B.C. Liberals win crucial vote on budget; premier pledges to stay in job

An emboldened Premier Christy Clark led her government through a crucial confidence vote in the legislature Tuesday and pledged she’ll stay on the job no matter what’s uncovered in an internal investigation into an ethnic outreach scandal.

The Clark government picked up the support of two independent MLAs and sailed through a vote on its budget by a count of 45 to 38.

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The premier rallied all but one of her MLAs — backbencher Kash Heed was away on a personal matter — despite being rocked by a scandal over ethnic voters that has raised questions within her own party about her future as leader.

“It’s been a difficult couple of days for our caucus, but in passing the budget today I think what we demonstrated is we’re staying focused on our goals and our agenda,” Clark said.

The budget vote was largely a procedural victory — the budget won’t technically pass before the May 14 provincial election. However, it was also a test of Clark’s ability to unify her slim majority on a confidence vote that could have brought down her government.

Clark’s deputy minister, John Dyble, launched an internal investigation last week into the multicultural ethnic outreach scandal, in the wake of leaked documents that appear to show officials in the premier’s office, government caucus, ministries and Liberal party working together, and using taxpayer resources, to encourage voters in ethnic communities to support the B.C. Liberal party.

It’s against provincial rules to conduct work for a political party on taxpayer time, or using government resources.

Multiculturalism minister John Yap and the premier’s deputy chief of staff, Kim Haakstad, have both resigned as a result of the plan becoming public.

Clark had appeared to leave the door open to her own departure on Monday. But in an editorial board meeting with the Times Colonist on Tuesday she was asked if there’s any possible way the Dyble report could cause her to resign.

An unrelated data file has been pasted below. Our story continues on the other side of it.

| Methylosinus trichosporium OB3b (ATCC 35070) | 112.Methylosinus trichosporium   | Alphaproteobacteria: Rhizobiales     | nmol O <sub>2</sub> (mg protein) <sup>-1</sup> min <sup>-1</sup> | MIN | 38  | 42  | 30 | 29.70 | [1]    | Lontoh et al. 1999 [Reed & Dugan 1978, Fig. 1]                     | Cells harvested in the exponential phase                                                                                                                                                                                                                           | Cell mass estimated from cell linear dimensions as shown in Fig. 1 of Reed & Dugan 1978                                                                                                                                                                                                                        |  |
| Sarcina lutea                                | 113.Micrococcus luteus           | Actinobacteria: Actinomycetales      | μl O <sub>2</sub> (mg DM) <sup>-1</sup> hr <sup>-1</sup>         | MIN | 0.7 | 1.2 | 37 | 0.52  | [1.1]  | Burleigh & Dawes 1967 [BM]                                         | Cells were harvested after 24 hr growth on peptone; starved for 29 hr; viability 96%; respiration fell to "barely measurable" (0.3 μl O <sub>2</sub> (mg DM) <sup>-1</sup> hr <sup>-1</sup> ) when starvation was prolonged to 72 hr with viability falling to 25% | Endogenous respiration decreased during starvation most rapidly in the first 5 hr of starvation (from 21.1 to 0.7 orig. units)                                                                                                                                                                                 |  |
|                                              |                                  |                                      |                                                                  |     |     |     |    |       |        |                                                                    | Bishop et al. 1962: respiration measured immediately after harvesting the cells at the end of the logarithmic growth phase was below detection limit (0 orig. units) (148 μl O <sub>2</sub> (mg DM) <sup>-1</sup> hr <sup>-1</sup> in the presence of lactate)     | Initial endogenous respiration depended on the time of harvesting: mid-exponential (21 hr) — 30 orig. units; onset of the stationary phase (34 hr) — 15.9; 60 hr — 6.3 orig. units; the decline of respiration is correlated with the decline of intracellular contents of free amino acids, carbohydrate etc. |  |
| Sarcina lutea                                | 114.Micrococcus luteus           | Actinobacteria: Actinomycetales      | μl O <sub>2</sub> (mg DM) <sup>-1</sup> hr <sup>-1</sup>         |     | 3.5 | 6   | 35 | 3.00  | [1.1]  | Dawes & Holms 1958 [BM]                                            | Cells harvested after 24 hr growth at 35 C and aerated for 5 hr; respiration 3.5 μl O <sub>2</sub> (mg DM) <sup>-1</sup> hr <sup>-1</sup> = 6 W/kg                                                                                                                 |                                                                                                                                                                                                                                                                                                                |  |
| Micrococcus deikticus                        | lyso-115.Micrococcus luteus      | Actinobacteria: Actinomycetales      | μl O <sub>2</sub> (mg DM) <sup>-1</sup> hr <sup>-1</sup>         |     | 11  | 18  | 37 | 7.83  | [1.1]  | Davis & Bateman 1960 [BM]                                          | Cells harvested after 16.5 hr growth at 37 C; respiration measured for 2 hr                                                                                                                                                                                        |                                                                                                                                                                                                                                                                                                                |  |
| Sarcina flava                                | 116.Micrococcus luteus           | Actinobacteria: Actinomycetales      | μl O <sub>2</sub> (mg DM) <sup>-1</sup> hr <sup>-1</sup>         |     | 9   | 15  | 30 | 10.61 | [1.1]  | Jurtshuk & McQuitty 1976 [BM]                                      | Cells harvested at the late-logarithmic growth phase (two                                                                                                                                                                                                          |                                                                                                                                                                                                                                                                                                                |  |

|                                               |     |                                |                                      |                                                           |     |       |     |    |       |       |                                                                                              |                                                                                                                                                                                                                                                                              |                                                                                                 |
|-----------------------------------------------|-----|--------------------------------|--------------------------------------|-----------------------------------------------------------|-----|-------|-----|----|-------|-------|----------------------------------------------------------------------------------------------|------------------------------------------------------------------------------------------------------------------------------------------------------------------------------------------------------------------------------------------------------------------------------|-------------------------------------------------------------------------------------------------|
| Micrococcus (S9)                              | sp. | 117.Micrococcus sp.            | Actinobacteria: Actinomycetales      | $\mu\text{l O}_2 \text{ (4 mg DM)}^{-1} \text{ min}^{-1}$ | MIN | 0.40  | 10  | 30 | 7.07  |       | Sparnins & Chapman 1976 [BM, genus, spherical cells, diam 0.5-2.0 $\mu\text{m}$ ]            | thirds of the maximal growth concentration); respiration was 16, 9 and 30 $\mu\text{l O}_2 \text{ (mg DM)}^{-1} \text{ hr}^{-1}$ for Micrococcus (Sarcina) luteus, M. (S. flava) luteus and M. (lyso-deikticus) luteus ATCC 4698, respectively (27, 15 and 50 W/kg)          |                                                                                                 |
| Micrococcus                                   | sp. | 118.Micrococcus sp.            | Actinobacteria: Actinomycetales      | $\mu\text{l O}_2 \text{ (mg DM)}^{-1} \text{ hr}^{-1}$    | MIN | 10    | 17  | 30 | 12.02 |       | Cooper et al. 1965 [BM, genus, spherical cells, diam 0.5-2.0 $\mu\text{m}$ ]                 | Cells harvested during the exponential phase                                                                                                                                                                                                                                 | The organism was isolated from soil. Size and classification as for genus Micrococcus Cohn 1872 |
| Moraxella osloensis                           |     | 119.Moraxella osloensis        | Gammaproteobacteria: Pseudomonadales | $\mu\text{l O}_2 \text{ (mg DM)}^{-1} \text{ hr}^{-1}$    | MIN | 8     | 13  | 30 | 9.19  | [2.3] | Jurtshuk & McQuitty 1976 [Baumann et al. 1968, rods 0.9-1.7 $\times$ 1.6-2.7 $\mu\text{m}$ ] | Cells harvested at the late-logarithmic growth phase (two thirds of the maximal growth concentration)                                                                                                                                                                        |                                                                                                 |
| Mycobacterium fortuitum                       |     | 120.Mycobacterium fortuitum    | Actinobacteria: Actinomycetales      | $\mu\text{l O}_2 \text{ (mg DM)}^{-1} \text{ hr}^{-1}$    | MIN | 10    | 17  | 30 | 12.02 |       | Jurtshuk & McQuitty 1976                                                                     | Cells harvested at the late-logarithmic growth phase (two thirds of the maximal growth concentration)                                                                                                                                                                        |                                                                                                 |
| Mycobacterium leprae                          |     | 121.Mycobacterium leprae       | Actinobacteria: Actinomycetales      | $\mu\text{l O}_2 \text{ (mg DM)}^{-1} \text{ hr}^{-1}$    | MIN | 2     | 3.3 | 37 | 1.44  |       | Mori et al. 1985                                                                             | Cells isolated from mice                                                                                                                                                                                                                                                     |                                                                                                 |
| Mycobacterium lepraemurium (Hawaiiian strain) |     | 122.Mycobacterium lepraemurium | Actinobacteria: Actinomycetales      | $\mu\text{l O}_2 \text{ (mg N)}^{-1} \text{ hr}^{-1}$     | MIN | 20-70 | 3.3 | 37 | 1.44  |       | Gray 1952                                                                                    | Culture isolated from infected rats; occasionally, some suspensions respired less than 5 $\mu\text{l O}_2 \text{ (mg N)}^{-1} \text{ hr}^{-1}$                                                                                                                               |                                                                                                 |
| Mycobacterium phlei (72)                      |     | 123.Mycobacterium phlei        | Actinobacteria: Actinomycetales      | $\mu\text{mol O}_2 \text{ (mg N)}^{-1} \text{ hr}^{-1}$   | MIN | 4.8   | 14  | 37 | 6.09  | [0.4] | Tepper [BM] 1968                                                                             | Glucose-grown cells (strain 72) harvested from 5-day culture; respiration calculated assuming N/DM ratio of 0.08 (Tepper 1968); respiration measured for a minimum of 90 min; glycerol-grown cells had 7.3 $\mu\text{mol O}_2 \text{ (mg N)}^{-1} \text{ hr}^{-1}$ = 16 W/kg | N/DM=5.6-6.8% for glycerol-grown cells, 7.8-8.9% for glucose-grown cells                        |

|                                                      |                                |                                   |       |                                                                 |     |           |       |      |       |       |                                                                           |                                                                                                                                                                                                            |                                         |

“No,” she said. “I never saw [the ethnic plan]. I never directed it. And I’m here to make sure we are accountable for it, nonetheless, because it was created by people in our government.”

Clark also ruled out further discipline against other staffers until the investigation is complete. Pamela Martin, a former TV anchor and director of outreach in the premier’s office, is mentioned repeatedly in the multiculturalism plan documents.

“Kim Haakstad was the senior person involved in it, so it was appropriate that she resign,” she said.

“But lots of people have their names on lots of emails, [and] that doesn’t suggest how deeply they were involved in the creation of the document. So we don’t have the answer to those questions yet... and I’ve said when we get the answers, if it requires more action, I’ll take it.”

Clark was non-committal on whether her government will follow through with a planned apology for the Chinese head tax.

Some Chinese community officials have expressed outrage that the leaked multicultural plan described government apologies for historical wrongs as “quick wins” for the B.C. Liberal party.

“We’ll see,” Clark said, noting such an apology would need unanimous support from the Opposition NDP.

“I want to make sure that if we do it now, as opposed to after the election or another time, that we’re doing it in a way that people know is absolutely sincere. Because otherwise it shouldn’t be done. It’s the right thing to do, but I don’t want to do it in the wrong way.”

Clark said she hopes Dyble’s internal investigation will be released next week.


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